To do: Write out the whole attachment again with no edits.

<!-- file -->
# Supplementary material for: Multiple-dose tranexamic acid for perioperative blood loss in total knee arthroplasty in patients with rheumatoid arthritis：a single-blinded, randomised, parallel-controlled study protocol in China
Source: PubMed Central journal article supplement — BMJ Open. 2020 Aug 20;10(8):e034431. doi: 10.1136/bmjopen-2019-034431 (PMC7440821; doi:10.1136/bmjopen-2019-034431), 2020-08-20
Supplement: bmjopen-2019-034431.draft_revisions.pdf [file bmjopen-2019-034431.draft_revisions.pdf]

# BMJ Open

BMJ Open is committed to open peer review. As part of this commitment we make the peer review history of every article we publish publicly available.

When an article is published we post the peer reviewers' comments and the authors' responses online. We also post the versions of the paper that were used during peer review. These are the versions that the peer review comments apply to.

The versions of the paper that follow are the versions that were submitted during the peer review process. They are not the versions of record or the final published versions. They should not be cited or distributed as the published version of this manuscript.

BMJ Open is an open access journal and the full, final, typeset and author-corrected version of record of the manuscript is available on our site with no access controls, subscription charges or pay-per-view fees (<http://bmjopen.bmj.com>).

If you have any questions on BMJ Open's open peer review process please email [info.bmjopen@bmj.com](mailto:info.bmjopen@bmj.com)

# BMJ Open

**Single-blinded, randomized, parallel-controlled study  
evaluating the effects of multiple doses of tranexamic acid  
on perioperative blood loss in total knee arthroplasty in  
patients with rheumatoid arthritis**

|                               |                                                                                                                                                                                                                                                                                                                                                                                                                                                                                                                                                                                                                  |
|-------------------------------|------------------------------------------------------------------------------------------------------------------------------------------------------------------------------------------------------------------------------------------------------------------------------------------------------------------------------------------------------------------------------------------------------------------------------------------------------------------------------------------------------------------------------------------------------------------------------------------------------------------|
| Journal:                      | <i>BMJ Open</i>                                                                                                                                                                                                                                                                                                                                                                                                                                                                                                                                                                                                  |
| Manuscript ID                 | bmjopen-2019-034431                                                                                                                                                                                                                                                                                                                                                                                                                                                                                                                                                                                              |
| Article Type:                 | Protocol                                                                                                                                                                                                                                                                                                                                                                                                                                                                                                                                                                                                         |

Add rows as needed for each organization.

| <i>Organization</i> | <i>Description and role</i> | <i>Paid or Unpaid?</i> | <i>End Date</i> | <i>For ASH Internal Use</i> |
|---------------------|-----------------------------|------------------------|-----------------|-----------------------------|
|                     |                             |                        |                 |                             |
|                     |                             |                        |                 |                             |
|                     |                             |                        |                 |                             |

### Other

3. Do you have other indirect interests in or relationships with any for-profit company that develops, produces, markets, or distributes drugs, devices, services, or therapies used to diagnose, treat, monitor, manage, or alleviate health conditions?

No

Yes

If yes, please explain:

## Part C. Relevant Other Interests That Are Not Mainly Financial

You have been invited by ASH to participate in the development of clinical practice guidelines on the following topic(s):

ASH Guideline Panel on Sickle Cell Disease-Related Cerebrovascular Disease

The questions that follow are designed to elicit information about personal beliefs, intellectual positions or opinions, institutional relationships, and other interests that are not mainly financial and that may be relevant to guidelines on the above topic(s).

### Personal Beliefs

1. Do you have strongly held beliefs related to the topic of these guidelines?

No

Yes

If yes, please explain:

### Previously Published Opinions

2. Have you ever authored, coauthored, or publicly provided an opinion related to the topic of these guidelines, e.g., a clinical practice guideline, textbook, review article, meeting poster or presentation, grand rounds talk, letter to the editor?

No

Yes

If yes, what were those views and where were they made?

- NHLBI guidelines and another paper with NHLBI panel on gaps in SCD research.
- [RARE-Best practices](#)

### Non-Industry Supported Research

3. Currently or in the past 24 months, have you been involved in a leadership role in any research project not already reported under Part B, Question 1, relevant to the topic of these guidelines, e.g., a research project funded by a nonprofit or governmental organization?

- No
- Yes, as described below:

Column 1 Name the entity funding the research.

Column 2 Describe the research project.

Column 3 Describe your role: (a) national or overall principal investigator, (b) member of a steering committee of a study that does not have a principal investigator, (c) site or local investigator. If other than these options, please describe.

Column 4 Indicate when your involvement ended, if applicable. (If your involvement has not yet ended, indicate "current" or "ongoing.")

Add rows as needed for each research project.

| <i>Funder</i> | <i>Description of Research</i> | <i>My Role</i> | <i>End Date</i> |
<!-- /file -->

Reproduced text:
# Supplementary material for: Multiple-dose tranexamic acid for perioperative blood loss in total knee arthroplasty in patients with rheumatoid arthritis：a single-blinded, randomised, parallel-controlled study protocol in China
Source: PubMed Central journal article supplement — BMJ Open. 2020 Aug 20;10(8):e034431. doi: 10.1136/bmjopen-2019-034431 (PMC7440821; doi:10.1136/bmjopen-2019-034431), 2020-08-20
Supplement: bmjopen-2019-034431.draft_revisions.pdf [file bmjopen-2019-034431.draft_revisions.pdf]

# BMJ Open

BMJ Open is committed to open peer review. As part of this commitment we make the peer review history of every article we publish publicly available.

When an article is published we post the peer reviewers' comments and the authors' responses online. We also post the versions of the paper that were used during peer review. These are the versions that the peer review comments apply to.

The versions of the paper that follow are the versions that were submitted during the peer review process. They are not the versions of record or the final published versions. They should not be cited or distributed as the published version of this manuscript.

BMJ Open is an open access journal and the full, final, typeset and author-corrected version of record of the manuscript is available on our site with no access controls, subscription charges or pay-per-view fees (<http://bmjopen.bmj.com>).

If you have any questions on BMJ Open's open peer review process please email [info.bmjopen@bmj.com](mailto:info.bmjopen@bmj.com)

# BMJ Open

**Single-blinded, randomized, parallel-controlled study  
evaluating the effects of multiple doses of tranexamic acid  
on perioperative blood loss in total knee arthroplasty in  
patients with rheumatoid arthritis**

|                               |                                                                                                                                                                                                                                                                                                                                                                                                                                                                                                                                                                                                                  |
|-------------------------------|------------------------------------------------------------------------------------------------------------------------------------------------------------------------------------------------------------------------------------------------------------------------------------------------------------------------------------------------------------------------------------------------------------------------------------------------------------------------------------------------------------------------------------------------------------------------------------------------------------------|
| Journal:                      | <i>BMJ Open</i>                                                                                                                                                                                                                                                                                                                                                                                                                                                                                                                                                                                                  |
| Manuscript ID                 | bmjopen-2019-034431                                                                                                                                                                                                                                                                                                                                                                                                                                                                                                                                                                                              |
| Article Type:                 | Protocol                                                                                                                                                                                                                                                                                                                                                                                                                                                                                                                                                                                                         |

Add rows as needed for each organization.

| <i>Organization</i> | <i>Description and role</i> | <i>Paid or Unpaid?</i> | <i>End Date</i> | <i>For ASH Internal Use</i> |
|---------------------|-----------------------------|------------------------|-----------------|-----------------------------|
|                     |                             |                        |                 |                             |
|                     |                             |                        |                 |                             |
|                     |                             |                        |                 |                             |

### Other

3. Do you have other indirect interests in or relationships with any for-profit company that develops, produces, markets, or distributes drugs, devices, services, or therapies used to diagnose, treat, monitor, manage, or alleviate health conditions?

No

Yes

If yes, please explain:

## Part C. Relevant Other Interests That Are Not Mainly Financial

You have been invited by ASH to participate in the development of clinical practice guidelines on the following topic(s):

ASH Guideline Panel on Sickle Cell Disease-Related Cerebrovascular Disease

The questions that follow are designed to elicit information about personal beliefs, intellectual positions or opinions, institutional relationships, and other interests that are not mainly financial and that may be relevant to guidelines on the above topic(s).

### Personal Beliefs

1. Do you have strongly held beliefs related to the topic of these guidelines?

No

Yes

If yes, please explain:

### Previously Published Opinions

2. Have you ever authored, coauthored, or publicly provided an opinion related to the topic of these guidelines, e.g., a clinical practice guideline, textbook, review article, meeting poster or presentation, grand rounds talk, letter to the editor?

No

Yes

If yes, what were those views and where were they made?

- NHLBI guidelines and another paper with NHLBI panel on gaps in SCD research.
- [RARE-Best practices](#)

### Non-Industry Supported Research

3. Currently or in the past 24 months, have you been involved in a leadership role in any research project not already reported under Part B, Question 1, relevant to the topic of these guidelines, e.g., a research project funded by a nonprofit or governmental organization?

- No
- Yes, as described below:

Column 1 Name the entity funding the research.

Column 2 Describe the research project.

Column 3 Describe your role: (a) national or overall principal investigator, (b) member of a steering committee of a study that does not have a principal investigator, (c) site or local investigator. If other than these options, please describe.

Column 4 Indicate when your involvement ended, if applicable. (If your involvement has not yet ended, indicate "current" or "ongoing.")

Add rows as needed for each research project.

| <i>Funder</i> | <i>Description of Research</i> | <i>My Role</i> | <i>End Date</i> |